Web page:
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No more Copycat Crafts

Faigie Kobre

Art isn’t just a fun school activity for children. Its primary goal is to teach foundational skills. But if your kids are just doing the “cookie-cutter” crafts that are pervasive in schools, they may be missing out on crucial development and the chance to discover their own creativity.

Tuesday, November 17, 2015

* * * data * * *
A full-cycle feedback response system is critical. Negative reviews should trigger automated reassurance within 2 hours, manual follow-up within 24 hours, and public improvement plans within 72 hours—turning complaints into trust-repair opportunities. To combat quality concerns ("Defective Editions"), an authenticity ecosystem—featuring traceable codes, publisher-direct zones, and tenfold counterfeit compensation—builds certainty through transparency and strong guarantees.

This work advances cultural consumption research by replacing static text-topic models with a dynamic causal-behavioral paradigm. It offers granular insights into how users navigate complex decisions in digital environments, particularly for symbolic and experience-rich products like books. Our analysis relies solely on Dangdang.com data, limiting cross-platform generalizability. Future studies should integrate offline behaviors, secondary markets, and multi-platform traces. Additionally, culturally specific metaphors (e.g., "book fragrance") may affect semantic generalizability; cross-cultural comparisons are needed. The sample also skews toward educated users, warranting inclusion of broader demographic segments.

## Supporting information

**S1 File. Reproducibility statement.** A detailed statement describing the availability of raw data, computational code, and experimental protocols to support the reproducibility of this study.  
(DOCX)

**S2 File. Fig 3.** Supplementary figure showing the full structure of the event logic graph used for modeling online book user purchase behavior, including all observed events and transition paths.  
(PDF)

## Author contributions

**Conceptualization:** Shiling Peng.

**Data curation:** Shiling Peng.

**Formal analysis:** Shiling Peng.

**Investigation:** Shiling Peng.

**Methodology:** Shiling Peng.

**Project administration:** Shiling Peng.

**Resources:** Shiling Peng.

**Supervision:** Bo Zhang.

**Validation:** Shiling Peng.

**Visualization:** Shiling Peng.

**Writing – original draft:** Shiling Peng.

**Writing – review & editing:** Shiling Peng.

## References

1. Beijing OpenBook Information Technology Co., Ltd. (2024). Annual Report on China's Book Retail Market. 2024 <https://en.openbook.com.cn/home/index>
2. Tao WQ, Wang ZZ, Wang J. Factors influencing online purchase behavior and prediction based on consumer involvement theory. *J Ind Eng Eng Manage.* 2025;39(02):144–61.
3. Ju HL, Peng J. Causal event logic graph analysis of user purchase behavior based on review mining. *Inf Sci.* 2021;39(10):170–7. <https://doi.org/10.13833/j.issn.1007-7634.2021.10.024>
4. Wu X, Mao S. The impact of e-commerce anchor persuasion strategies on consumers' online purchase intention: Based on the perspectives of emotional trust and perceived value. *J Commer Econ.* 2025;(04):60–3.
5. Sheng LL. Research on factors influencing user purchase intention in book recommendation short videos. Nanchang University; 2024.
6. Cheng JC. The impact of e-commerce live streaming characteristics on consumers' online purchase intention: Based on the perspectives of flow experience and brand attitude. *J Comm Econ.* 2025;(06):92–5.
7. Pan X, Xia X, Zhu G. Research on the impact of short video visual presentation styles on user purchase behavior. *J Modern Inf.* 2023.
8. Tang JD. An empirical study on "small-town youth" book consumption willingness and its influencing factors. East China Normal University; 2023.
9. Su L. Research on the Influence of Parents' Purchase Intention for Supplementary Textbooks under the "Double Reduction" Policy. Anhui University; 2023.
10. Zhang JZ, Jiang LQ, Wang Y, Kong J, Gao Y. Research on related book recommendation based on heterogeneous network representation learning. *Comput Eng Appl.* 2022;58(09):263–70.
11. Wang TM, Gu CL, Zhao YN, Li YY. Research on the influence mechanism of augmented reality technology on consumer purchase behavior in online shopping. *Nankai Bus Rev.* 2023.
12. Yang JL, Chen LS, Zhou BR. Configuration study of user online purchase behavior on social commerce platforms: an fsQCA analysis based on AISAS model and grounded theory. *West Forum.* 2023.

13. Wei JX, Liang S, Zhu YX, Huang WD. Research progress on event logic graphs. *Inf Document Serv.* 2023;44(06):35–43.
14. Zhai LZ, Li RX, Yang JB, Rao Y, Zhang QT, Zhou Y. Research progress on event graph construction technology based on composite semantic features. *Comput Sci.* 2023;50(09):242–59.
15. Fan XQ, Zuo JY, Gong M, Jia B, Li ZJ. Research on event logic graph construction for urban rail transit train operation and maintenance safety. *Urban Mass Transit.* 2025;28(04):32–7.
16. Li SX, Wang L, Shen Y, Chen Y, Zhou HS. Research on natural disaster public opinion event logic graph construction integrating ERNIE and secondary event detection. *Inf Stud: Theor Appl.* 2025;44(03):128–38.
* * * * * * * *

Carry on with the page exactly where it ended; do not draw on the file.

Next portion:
Shuli, your seventh child, comes home from preschool carrying a paper plate with a gray lump on it, and a brown ladder pointing upward. “It’s the stones Yaakov slept on, and the ladder from his dream,” she proudly tells you. Ah, right, you think, parshas Vayetzei is coming. You’ve seen this project before.Leah brought home the same exact ladder last year; Moshe the year before; and Avi two years before that. As a matter of fact, you’ve seen the same ladder seven times — and all from different schools. In your basement, you have a collection of school projects, all nearly identical. A pile of menorahs, each one a replica of the next. Seven Pesach pillows that are so beautiful, it’s clear the teacher did most of the work herself. (When you said something to the teacher, she replied, “But your son did so much! Look how he colored the matzah brown, and pasted the fabric Kiddush cup exactly where I told him to.”) There are also seven matching flower projects for Shavuos — the same type of flower, the same range of colors. What’s wrong with this picture? Is the problem that these “creative” projects require very little of your child’s actual creativity? Or that, as is the case with some of the more elaborate crafts, your child did next to nothing? What about the fact that, despite how incredibly different your children are, they come home with artwork that is exactly alike?

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